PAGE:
Love that right wingers are now all about choosing to let people die after all the 'death panel' nonsense about the ACA let alone Terry Schiavo.

What have you lost that wasn't offset by saving the lives of old folks through your personal inconvenience?

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I lost my job...

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I don't at all intend to dismiss that lots of people have been badly hurt by this.

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Many people have lost their jobs sure, but not anything like a majority of people. ...
What have you lost that wasn't offset by saving the lives of old folks?

This is emblematic of the hypocrisy. Turning a blind eye to one group (20% of people lost their jobs, but hey it's not a majority) and focusing on another (ohmigosh so many old people. could be 0.1% of the population). Those two groups of school/working age people, and people over 75 are pretty distinct.

The tradeoff of lockdown vs disease is divisive. That so many people are unwilling to acknowledge and analyze it is lousy.

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If you want to restate your original post that I was responding to, fine but don't get mad because you didn't write what you meant.

What I have little patience for is the argument that seems to just accept that we can't do any better therefore must just give up on an optimum outcome. South Korea and Germany among others show that it is possible to reduce avoidable deaths without requiring endless sacrifice.

Here is our only option to just accept that we will all die in larger numbers so the 1% doesn't have any impact at all? So Joe Plumber doesn't have to feel uncomfortable wearing a mask? Because what will happen the second we start to just open shit up without specific, trackable plans is a lot of people will just say 'fuck it' and in that case all the sacrifice of the last two months is completely negated AND the economy will be fucked when the second wave hits in September.

What have you personally lost? A job? A vacation trip? Your kid's graduation? Honestly asking since you insist that we all lost two months. If you just mean you were inconvenienced because you couldn't go to a BBQ or to Fenway, your definition of loss and concept of the greater good is pretty shitty.

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Since you and other posters prefer to frame this dilemma as a partisan issue ("right wingers", "GOP", "conservatives") instead of as a comparitive statics problem, I want to throw out there that yes, I agree there will likely be another spike and lockdown in the fall, if for no other reason than additional panic and economic distress will benefit one political party more than the other in the November election.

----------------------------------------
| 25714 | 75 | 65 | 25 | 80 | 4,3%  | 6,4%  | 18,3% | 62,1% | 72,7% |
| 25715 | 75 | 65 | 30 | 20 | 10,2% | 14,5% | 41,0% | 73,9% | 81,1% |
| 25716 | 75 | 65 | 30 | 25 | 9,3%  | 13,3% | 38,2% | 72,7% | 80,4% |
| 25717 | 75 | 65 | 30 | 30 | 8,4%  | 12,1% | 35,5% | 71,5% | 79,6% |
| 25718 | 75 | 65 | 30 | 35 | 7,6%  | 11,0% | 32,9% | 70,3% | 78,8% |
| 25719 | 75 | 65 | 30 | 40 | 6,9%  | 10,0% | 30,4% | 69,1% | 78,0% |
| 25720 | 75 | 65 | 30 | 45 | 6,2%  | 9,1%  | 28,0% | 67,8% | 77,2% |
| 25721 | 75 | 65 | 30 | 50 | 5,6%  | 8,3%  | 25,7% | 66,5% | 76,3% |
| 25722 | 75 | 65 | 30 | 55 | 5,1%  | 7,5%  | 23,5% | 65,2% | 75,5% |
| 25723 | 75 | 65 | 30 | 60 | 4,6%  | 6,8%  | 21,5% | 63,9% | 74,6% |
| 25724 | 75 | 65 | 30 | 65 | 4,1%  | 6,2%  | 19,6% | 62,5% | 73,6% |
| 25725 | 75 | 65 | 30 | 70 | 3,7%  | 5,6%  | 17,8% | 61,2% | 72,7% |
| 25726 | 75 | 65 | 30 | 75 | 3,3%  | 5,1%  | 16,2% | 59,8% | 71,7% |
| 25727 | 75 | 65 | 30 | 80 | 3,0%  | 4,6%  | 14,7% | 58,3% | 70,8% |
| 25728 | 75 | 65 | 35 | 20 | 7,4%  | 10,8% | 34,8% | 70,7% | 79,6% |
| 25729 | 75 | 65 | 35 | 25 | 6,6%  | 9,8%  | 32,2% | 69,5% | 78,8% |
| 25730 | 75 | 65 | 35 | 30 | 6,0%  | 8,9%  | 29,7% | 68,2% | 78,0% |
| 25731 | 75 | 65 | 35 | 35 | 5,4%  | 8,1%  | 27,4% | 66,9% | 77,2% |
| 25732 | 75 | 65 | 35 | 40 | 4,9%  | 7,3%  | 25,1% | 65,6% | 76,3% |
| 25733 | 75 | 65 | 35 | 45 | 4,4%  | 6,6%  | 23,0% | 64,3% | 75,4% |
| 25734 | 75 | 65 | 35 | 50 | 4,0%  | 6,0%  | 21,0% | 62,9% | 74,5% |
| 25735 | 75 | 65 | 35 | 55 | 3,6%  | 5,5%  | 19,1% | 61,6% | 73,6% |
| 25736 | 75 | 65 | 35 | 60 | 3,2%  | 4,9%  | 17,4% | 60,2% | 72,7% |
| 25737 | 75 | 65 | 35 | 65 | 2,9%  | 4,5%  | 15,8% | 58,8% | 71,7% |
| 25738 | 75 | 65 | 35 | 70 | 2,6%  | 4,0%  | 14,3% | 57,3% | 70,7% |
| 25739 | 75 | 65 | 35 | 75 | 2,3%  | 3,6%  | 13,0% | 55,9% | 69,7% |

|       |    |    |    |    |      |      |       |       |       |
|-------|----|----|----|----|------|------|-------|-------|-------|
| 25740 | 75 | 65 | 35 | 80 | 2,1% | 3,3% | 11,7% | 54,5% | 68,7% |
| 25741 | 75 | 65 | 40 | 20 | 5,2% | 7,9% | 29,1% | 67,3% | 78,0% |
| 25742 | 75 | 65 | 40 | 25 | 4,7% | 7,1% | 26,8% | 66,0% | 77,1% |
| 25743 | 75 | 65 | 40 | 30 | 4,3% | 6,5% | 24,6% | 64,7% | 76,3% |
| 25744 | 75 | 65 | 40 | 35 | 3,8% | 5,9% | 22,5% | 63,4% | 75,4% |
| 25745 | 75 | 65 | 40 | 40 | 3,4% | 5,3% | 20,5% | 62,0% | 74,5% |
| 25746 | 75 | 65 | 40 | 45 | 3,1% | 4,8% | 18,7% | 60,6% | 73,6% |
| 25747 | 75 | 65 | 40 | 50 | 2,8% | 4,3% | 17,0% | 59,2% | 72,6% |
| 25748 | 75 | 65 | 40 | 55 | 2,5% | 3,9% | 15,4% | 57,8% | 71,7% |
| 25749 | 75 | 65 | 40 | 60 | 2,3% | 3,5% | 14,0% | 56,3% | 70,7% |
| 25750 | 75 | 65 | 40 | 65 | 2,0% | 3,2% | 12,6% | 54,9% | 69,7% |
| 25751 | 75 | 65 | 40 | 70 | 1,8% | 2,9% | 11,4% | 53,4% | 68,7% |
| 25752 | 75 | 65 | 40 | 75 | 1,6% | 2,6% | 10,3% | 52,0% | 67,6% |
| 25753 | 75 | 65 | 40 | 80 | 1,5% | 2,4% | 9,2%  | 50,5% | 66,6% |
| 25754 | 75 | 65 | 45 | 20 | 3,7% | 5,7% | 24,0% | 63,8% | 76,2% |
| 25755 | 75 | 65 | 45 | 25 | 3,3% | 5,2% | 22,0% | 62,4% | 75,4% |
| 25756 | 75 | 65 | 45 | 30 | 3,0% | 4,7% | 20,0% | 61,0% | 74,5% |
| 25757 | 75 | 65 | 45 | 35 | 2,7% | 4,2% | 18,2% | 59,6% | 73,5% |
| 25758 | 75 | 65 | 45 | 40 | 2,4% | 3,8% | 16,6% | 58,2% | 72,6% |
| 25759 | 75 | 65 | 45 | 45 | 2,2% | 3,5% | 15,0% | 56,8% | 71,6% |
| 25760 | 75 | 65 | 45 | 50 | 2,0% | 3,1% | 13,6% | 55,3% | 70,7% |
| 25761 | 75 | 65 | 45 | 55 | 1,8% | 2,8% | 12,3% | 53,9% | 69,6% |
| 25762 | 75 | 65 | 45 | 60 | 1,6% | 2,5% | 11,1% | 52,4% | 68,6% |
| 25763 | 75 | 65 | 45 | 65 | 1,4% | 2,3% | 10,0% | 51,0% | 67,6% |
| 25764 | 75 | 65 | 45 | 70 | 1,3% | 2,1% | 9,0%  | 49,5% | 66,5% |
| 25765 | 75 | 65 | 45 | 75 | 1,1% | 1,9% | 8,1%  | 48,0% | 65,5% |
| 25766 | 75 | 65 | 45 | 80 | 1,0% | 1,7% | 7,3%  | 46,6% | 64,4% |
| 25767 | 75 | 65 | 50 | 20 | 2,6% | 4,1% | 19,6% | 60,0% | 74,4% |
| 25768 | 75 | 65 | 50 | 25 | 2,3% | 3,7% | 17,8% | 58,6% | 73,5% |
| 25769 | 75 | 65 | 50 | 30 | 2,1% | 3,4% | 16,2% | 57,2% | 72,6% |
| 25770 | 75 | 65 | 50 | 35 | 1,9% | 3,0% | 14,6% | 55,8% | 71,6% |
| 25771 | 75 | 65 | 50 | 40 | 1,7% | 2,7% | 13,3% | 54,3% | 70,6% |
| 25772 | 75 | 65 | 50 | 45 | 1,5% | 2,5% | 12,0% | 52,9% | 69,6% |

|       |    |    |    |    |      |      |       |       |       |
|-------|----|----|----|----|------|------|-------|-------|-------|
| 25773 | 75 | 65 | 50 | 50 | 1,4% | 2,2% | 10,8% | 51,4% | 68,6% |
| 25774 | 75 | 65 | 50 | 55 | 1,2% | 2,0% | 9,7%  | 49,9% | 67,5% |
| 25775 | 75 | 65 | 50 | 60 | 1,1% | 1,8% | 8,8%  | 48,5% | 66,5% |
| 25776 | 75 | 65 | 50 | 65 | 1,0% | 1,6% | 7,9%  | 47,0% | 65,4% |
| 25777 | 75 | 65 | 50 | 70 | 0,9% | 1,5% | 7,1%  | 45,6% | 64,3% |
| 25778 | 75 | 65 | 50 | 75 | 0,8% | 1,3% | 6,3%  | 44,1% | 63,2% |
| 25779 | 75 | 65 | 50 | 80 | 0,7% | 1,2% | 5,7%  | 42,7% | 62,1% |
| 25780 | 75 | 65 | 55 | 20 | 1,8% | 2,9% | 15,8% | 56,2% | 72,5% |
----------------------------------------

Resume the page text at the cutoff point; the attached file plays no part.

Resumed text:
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You can't actually name anything you've personally lost over the last two months?

It's not truly a partisan issue as Baker is doing a decent job and is GOP and Cuomo/Deblasio for example, did less well and are Dems. There are huge differences in the way Trumpists like Disantis and governors like Inslee are handling this, but it's not truly partisan. Even a right wing entity like Facebook is having employees work from home until 2021- another Democrat plot?

Can you clarify though, are you stating that if there's a spike in infections in the fall, globally, that is going to be results of liberal meddling vs. actually how viruses work? That's wild QAnon bullshit.

Finally, let's do talk comparative statics. You want to talk momentum, inertia or what?

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You think people are worried about a barbeque? Seriously? Are you seriously that disconnected? People are losing 20 year old businesses! People are losing their entire livelihoods!!! In droves! How could you possibly be that oblivious?? We are talking about unprecedented and MASSIVE numbers of small businesses closing. This is unlike anything we will ever see. One out of four restaurants are predicted to close. You honestly think restaurants can be profitable 25% capacity??? Do you have any incling whatsoever on what it takes to run a business? Do you realize that small business completely drives our economy? Do you realize it is also what gives character and soul to cities? Unfortunately it is probably too late for a large number..as we cross June 1, that number will skyrocket. I cant believe how short sighted you are.

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You seem to think this is all about YOU.

Just because you are experiencing minor inconveniences, you don't speak for others.

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I am not saying people aren't impacted. I'm saying that the fact that people are deeply being impacted isn't enough reason to change course without specific plans to prevent further problems.

See?

Saying 'eh, this is too hard to continue with, let's stop' which isn't policy just lazy fatalism.

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while the lockdown is worst for people between 14 and 65

Nope.

Poverty is where the suffering is right now. Either they have to go to work and risk exposure, or work and school are shut down and they're at risk from food insecurity, possible loss of home, and from getting the virus.

Age is irrelevant.

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There's no point in trying to do a cost-benefit analysis right now. It sounds like this virus can have long-term or permanent deleterious effects. Scientists are 6 months into studying something that's going to take years to fully understand. Is 0.2% of your life worth permanent lung damage? That's the kind of cost-benefit analysis you're talking about.